Oil prices have already touched the highest level in seven months as outages from Nigeria, Venezuela, and Canada are continually disrupting supply. Now it seems oil prices might reach the $50 mark much sooner than anyone expected. In the current market scenario, where supply seems to be rebalancing itself with demand, it is important to take a look at one of the biggest players in the game: Saudi Arabia. At a time when prices are increasing mainly due to global supply disruptions, Saudi Arabia's decision to maintain or ramp up production levels might have a crucial impact on oil prices.
Moreover, Aramco CEO Amin Naseer piqued the market's curiosity last week when he hinted that his company can increase its production if required. Speaking on the subject of launching Aramco's first ever IPO by 2017 or 2018, he stated that Riyadh had always kept a 'spare capacity' for excess production which can allow it to raise or lower the supply and influence oil prices. Aramco produced close to 10.2 million barrels a day last year and around 10.3 million barrels a day in April 2016. If Aramco manages to produce around 12 million barrels per day which is its highest sustainable capacity (12.5 mb/ day being the highest), an additional 2 million barrels per day of crude oil can enter the market and it can drive the oil prices down.
Why Saudi Arabia might not increase its production levels
Saudi Arabia has steadily maintained its crude oil production above 10.2 million barrels a day since January 2016: Its oil consumption generally increases during summers and its production increases by around 400,000 barrels per day when compared to winters. When compared to March 2016, Saudi Arabia's crude oil production increased by 800,000 barrels per day to 10.3 million barrels per day in April 2016. Now, the question is, will Saudis increase their production levels substantially? Energy consultancy firm Energy Aspects thinks that they won't do it. After the meeting between OPEC and Non - OPEC members over the subject of freezing the oil supply failed in Doha, Saudi Arabia's most powerful person - Deputy Crown Prince Mohammad Bin Salman warned that his country could increase its production by almost 10%, which is around 1 million barrels a day. That did not happen. "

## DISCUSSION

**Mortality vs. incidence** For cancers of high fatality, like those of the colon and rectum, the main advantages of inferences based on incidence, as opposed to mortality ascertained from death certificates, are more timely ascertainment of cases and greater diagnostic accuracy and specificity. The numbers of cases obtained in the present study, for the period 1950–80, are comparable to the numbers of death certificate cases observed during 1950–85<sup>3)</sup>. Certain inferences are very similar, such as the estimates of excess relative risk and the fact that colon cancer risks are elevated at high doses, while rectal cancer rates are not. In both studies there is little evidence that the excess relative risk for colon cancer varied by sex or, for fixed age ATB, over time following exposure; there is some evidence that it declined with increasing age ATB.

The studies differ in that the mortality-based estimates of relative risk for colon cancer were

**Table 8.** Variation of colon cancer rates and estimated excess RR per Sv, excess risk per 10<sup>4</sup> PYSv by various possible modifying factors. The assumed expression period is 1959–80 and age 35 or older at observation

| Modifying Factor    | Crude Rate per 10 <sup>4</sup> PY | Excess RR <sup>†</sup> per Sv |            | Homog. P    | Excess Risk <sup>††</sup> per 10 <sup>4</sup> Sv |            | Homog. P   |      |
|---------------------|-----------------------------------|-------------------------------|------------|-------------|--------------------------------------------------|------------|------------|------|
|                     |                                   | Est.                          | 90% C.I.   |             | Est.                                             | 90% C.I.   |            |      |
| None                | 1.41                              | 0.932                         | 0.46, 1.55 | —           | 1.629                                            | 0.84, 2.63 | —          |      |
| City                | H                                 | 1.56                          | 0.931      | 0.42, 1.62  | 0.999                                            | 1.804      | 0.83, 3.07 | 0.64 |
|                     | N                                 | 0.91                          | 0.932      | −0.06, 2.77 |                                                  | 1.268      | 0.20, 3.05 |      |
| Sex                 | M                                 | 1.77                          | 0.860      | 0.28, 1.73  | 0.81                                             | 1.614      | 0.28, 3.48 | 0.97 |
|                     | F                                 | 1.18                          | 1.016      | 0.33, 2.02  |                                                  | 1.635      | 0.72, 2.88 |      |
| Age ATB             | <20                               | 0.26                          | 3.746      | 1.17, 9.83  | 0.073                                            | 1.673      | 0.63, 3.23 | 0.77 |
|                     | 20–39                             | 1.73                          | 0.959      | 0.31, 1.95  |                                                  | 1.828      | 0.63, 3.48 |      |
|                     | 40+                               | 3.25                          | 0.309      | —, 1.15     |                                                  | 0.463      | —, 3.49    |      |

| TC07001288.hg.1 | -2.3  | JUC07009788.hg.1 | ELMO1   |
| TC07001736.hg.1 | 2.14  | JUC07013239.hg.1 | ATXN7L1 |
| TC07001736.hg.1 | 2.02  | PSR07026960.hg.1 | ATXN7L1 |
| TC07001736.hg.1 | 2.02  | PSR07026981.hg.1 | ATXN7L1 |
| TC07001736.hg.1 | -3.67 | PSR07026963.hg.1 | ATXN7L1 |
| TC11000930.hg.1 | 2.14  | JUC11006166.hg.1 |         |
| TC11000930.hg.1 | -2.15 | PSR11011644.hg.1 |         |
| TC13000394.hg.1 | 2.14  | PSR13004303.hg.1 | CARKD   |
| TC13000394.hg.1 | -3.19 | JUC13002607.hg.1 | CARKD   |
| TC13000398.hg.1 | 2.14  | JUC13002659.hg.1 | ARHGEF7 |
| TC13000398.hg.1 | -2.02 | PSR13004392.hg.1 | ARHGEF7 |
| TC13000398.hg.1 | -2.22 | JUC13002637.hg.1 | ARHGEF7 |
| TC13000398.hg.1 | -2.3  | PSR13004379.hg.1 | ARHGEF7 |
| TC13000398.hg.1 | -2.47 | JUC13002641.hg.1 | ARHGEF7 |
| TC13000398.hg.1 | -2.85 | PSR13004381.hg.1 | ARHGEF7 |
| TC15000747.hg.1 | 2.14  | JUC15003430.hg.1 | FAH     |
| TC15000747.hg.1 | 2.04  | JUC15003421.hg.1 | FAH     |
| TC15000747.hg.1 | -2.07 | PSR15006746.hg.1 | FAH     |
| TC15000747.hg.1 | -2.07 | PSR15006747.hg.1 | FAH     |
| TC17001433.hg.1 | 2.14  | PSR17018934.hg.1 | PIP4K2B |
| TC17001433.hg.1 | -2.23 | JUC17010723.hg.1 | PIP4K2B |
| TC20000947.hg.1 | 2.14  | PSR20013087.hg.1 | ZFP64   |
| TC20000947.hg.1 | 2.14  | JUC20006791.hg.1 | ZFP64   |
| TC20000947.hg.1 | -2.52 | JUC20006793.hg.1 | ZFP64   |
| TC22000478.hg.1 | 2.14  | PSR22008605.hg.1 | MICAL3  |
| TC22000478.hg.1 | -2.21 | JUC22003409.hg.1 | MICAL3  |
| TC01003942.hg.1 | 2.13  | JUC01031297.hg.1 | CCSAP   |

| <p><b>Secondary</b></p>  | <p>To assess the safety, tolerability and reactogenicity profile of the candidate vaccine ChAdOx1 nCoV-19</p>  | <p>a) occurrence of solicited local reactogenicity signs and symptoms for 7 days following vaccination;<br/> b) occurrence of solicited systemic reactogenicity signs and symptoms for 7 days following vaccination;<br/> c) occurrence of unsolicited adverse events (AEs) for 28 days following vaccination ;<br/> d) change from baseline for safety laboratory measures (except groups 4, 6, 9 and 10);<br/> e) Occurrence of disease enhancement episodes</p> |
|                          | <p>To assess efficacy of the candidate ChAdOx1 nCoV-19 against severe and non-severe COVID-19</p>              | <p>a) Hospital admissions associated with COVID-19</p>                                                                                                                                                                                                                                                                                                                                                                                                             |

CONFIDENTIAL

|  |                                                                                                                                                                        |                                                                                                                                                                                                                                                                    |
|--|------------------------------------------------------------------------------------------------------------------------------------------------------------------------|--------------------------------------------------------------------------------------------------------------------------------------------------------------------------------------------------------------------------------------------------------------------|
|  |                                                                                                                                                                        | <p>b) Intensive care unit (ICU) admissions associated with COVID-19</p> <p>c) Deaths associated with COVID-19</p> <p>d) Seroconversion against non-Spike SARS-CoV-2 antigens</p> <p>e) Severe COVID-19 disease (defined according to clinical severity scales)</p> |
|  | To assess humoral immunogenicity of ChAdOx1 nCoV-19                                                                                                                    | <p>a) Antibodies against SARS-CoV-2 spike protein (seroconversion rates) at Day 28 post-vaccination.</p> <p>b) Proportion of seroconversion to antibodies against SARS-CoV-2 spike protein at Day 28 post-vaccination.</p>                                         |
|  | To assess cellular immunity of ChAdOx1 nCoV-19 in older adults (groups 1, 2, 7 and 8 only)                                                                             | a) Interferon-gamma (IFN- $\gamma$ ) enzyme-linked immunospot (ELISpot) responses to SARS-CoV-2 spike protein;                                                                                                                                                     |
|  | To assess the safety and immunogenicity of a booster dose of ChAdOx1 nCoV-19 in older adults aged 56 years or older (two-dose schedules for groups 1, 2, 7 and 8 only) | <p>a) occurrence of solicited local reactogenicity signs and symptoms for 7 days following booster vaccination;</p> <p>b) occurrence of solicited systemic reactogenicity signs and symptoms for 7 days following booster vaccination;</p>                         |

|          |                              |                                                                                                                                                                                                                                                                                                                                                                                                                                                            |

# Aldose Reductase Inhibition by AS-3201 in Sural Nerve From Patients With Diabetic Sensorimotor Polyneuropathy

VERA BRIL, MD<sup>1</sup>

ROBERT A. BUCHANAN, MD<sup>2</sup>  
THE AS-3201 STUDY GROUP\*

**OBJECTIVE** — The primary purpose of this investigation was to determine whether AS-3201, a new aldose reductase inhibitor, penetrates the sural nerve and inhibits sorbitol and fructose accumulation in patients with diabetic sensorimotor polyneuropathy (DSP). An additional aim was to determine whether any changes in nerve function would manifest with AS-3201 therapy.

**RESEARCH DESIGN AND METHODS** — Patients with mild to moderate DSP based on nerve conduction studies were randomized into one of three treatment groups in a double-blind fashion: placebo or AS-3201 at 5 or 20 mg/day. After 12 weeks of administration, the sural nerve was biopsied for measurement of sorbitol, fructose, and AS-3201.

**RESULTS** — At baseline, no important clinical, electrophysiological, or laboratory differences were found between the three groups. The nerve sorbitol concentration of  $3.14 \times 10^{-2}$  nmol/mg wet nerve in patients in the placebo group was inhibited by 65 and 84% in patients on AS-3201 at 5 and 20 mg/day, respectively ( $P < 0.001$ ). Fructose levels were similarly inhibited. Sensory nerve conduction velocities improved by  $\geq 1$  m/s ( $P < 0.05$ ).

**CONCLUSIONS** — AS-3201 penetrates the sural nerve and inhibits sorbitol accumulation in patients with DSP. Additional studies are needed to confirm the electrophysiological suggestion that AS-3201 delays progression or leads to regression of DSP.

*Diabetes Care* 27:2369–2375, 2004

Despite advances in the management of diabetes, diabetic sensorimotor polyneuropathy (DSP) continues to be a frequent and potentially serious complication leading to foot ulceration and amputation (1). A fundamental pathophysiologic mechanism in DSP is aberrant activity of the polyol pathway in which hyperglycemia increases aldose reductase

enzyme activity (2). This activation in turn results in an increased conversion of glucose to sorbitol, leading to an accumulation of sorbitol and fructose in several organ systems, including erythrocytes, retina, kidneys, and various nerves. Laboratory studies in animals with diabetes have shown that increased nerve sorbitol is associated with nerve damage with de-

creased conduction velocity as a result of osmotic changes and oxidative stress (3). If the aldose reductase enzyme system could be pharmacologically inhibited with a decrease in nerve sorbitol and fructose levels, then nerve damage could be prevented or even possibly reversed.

A lot has been happening in the oil market lately. Yet, what has caught everyone's attention amidst this drastic U-turn in balances is Saudi Arabia. Undoubtedly these are uncertain times, but Saudi Arabia will not be producing 11 mb/d this month (especially since it has maintenance) and will not be reaching 12.5 mb/d by end-2017. Oil rigs have been falling, and output has been remarkably steady at 10.2 mb/d since August 2015", Energy Aspects team said. The consultancy even stated that a call to increase production from 10.3 mb/ day to 12- 12.5 mb/ day would require substantial amount of time. However, I feel that this is just one of the reasons why the desert kingdom might not increase its production substantially in the coming time.
With falling oil revenues and an increasing fiscal deficit, Saudi Arabia's credit rating was recently slashed from aA3 to A1 by Moody's. On the other hand, Saudi Arabia has been fighting hard to retain its key market - Asia from competitors like Russia, Iran and Iraq. In March 2016, Russia surpassed Saudi Arabia to become China's biggest crude oil supplier. Last week, Iraq overtook Saudi Arabia to become OPEC's top exporter to India. This shows that Saudi Arabia is losing its grip on China and India- two countries that are driving the global oil demand. With this, it is very clear that Saudi Arabia's priority is to first save its existing markets and then concentrate on filling newer ones. Although it is pretty certain that Saudi Arabia will indeed look to increase its capacity, this decision will be based on meeting the additional demand and not flooding the markets just to prove a point. After all, even Saudis require oil prices to be well above the $50 level and can only manage cheap oil by capturing maximum market share.
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